Animal Behaviour

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  • Animals behave in ways that enhance their survival and reproductive capacity. 
  • Animal behaviour may be innate or learned
  • Innate behaviour is a pattern of genetically determined behaviour that does not require learning or practise.
  • Learned behaviour involves an adaptive change in response - behaviour based on experience. 

Innate Behaviour

  • Escape Reflex - in which a particular stimulus brings about an automatic response. Earthworms contract the longitudinal muscles of the body when they are touched at the head end, and so withdraw into their burrow to escape predation. 
  • Kinesis - a movement in response to an external stimulus, in which the rate of movement is related to the intensity, but not the direction, of a stimulus. Woodlice move rapidly and turn frequently in dry conditions. When damper conditions are found by chance, movement slows down or stops, keeping the organism within optimal conditions.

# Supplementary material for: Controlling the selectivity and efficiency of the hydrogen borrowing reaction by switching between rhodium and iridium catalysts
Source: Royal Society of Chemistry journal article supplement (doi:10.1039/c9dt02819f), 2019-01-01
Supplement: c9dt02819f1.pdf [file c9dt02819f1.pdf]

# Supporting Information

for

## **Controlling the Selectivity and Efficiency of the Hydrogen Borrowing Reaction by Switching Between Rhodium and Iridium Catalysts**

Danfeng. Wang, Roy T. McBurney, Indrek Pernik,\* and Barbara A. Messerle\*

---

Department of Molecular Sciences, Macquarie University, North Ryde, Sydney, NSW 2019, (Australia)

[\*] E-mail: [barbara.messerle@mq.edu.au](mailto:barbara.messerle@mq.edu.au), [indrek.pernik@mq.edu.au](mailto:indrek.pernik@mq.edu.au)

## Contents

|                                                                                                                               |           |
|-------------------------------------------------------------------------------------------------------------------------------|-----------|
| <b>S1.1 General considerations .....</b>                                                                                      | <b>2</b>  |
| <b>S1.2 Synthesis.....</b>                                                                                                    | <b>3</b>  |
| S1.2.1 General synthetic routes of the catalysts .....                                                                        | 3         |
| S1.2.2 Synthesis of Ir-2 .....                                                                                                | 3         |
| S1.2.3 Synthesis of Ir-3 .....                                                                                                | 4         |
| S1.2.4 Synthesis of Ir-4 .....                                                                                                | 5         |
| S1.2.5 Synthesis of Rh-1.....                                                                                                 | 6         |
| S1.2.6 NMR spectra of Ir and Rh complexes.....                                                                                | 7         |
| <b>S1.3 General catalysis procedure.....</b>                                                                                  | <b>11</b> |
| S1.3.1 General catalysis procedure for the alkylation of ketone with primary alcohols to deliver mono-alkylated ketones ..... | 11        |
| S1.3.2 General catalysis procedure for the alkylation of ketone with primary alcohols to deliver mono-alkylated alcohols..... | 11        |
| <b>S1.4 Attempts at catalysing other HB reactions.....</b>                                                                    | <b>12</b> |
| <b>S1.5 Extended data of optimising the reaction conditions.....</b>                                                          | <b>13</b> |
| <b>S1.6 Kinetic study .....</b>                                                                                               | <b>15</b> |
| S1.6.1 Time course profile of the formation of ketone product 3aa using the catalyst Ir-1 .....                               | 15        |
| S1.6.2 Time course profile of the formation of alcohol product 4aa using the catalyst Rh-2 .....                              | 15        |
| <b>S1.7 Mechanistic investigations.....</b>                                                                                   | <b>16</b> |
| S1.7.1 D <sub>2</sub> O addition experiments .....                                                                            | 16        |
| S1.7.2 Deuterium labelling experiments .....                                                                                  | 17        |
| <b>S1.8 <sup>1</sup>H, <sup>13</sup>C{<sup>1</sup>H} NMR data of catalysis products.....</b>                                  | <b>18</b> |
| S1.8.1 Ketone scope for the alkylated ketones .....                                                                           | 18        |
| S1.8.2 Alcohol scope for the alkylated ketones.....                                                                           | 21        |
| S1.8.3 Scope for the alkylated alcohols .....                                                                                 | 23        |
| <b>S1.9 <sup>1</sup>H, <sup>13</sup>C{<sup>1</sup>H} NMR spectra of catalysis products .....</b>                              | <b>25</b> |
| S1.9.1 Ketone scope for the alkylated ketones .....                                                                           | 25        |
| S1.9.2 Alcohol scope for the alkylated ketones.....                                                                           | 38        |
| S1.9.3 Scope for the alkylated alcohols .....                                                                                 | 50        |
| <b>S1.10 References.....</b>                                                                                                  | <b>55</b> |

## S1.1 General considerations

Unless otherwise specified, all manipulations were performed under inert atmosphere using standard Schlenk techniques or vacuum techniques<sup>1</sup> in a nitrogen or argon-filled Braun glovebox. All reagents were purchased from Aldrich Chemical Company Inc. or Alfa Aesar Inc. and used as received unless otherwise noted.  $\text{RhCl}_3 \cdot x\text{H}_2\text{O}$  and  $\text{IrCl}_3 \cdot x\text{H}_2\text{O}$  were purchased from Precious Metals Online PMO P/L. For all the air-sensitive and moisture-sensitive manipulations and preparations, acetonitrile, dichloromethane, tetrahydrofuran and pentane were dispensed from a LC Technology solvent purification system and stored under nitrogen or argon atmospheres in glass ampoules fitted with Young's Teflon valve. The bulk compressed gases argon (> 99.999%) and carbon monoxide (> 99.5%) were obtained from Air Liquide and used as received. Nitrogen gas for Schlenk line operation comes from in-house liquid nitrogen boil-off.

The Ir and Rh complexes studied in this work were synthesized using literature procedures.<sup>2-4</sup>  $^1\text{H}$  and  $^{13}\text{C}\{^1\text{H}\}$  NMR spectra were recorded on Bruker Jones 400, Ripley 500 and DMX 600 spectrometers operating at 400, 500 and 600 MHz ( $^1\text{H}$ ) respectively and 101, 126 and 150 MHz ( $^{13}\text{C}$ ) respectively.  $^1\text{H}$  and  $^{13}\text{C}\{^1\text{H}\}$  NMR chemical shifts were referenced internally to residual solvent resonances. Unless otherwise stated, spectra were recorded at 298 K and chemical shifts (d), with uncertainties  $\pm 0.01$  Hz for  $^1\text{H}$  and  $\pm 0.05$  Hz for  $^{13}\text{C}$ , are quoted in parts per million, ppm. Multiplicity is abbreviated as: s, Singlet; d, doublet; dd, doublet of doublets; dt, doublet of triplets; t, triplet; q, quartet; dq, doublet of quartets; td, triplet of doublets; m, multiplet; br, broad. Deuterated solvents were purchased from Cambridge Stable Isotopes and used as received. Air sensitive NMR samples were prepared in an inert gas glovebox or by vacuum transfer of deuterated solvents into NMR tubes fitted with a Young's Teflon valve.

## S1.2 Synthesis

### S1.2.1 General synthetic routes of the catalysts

• Taxis - a directional movement in response to an external stimulus. Woodlice move away from light: a negative phototaxis. They will be less visible to predators in darker conditions, and less viable to dessication. 

The advantages of innate behaviour are:

  • it does not need to be learned
  • it has immediate survival value for a young, inexperienced animal in a dangerous situation. 
  • it is appropriate for invertebrates with short life cycles that do not have time to learn
  • it requires few neurones
  • it is likely to be appropriate for the animal's habitat, as the alleles controlling it will have been subject to natural selection. 

Learned Behaviour 

  • Habituation - the simplest form of learning, in which an animal stops responding to a repeated stimulus. In this way, an animal learns to ignore a stimulus that is no longer novel

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